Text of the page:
2. Oh, and by the way, that makes Dallas 1-6 when tied or losing at the half.

  3. Surest sign that we're late into the season: There was one 300-yard passing game Sunday, and it was by the Rams' Jared Goff in the night game. But he didn't throw a TD pass, and he didn't win.

  4. Best backup quarterback? It isn’t Nick Foles anymore. It’s the 49ers’ Nick Mullens. The more he plays, the more C.J. Beathard should talk to my realtor.

  5. Another victory and another big rushing performance by Baltimore’s Lamar Jackson. But, sorry, this formula can't succeed over the long haul. The guy’s had 86 carries in five starts and will not … cannot … survive that way.

  6. More troubling sign for the Rams than Todd Gurley's left knee is Jared Goff's accuracy. Over the past three games -- or since that 54-51 shootout with Kansas City -- he has exactly one touchdown pass, seven interceptions and passer ratings of 68.6, 19.1 and 66.8.

  7. Not sure what Derrick Henry put in his egg nog, but I want some. The last two weeks he’s run for 408 yards and six touchdowns. He had four touchdowns the previous 12 games. Meet Mr. December.

  8. Best run of the afternoon wasn't Kalen Ballage's 75-yard dash through the Minnesota defense. It was Chris Carson's 1-yard touchdown run through the right side of the 49ers' defense. Rewind the videotape, and you'll see why.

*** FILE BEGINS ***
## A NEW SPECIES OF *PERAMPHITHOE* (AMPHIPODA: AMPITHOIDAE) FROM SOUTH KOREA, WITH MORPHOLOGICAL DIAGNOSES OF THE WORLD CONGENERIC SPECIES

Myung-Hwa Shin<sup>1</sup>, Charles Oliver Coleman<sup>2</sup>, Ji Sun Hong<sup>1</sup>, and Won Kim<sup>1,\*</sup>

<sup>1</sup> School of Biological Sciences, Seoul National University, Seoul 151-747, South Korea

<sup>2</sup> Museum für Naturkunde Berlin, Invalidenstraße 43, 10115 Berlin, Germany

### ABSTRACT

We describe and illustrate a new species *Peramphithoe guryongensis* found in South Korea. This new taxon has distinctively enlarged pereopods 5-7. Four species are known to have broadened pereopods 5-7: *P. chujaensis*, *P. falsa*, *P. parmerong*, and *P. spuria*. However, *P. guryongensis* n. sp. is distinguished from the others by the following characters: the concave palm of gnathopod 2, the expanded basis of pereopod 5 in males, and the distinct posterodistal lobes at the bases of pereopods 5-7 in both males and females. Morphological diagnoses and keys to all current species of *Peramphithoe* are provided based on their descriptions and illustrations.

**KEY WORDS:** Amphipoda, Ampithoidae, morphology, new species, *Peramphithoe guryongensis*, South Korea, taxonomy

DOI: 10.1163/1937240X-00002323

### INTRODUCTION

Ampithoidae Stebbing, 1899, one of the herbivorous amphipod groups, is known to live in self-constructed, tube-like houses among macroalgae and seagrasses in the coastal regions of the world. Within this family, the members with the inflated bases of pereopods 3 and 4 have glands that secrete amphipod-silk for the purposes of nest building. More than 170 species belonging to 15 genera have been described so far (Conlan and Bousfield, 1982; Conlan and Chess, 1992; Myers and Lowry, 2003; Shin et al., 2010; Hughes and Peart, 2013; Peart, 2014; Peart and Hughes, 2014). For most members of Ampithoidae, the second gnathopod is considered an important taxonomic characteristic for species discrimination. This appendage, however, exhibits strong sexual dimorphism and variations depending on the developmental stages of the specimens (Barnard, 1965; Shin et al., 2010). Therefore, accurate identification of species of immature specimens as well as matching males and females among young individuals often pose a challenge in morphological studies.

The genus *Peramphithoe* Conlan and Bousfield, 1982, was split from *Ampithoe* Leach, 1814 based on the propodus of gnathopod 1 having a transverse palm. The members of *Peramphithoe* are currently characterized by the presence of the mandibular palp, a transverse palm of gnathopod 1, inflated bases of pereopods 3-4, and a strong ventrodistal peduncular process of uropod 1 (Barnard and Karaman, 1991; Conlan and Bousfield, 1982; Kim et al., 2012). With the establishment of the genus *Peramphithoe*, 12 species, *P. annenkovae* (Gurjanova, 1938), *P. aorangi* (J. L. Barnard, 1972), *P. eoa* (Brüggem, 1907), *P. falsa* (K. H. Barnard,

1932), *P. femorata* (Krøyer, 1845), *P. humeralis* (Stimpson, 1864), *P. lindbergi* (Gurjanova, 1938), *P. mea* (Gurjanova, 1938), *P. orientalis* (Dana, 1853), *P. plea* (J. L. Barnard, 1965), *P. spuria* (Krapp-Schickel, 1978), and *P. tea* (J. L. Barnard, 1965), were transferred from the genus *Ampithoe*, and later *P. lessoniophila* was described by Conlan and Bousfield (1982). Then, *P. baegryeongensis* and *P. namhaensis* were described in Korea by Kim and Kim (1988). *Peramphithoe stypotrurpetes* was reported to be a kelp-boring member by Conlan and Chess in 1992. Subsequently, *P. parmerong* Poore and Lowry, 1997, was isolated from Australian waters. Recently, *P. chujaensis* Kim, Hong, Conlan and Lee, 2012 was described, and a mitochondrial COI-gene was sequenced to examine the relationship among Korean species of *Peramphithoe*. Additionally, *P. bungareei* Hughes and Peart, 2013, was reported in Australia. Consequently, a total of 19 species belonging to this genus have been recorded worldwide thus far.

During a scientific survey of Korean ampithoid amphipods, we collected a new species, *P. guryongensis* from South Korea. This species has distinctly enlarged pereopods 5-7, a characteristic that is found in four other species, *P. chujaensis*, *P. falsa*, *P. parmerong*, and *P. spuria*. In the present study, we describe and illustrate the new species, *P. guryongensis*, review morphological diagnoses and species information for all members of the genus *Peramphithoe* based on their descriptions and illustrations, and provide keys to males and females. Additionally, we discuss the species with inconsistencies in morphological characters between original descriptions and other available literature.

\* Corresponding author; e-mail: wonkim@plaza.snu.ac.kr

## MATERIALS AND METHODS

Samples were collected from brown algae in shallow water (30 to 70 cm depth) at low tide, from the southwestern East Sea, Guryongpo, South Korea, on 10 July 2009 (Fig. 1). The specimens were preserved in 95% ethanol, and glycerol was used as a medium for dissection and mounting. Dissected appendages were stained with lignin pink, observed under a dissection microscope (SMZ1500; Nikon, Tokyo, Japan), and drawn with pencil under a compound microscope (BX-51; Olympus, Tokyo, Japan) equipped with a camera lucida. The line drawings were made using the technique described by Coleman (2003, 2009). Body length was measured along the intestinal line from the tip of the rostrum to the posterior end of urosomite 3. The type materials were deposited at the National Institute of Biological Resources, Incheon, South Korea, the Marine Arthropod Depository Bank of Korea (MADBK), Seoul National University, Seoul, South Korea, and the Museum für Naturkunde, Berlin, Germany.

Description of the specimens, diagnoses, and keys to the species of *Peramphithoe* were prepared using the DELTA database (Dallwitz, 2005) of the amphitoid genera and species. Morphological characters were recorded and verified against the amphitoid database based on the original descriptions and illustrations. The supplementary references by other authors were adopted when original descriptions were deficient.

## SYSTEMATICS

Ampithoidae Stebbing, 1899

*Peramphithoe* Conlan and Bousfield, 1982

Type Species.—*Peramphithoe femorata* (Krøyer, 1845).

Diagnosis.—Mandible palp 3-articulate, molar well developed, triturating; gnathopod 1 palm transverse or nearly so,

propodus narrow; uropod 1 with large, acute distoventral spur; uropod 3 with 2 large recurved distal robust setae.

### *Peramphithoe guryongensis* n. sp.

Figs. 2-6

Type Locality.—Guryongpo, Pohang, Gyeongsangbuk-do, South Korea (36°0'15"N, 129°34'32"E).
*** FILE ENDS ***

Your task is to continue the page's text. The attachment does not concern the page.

9. Just asking: Do the Bears reserve a playoff share for Jon Gruden?

  10. Everyone on the New England defense – and, no, that doesn’t include Rob Gronkowski – report to work early Monday for 12 hours of tackling instruction. I’ve seldom seen a playoff team this bad this late in the season at stopping ballcarriers.

  11. Don’t tell me Chiefs’ fans shouldn’t be nervous. They should. Their team lost two of its last four and should’ve lost three of them. But that’s not what has people frazzled. This is: What’s next. Kansas City’s lost 11 of its last 12 playoff games, including its last six at Arrowhead. Plus, Andy Reid is 1-6 in his last seven playoff starts. So what we’re looking at now looks more like a warmup for what we may see later.

  12. All I want for Christmas is the Chargers hosting the AFC championship game. Putting it in a 27,000-seat stadium is just the optics the league deserves for allowing an inane relocation to a city that never wanted them.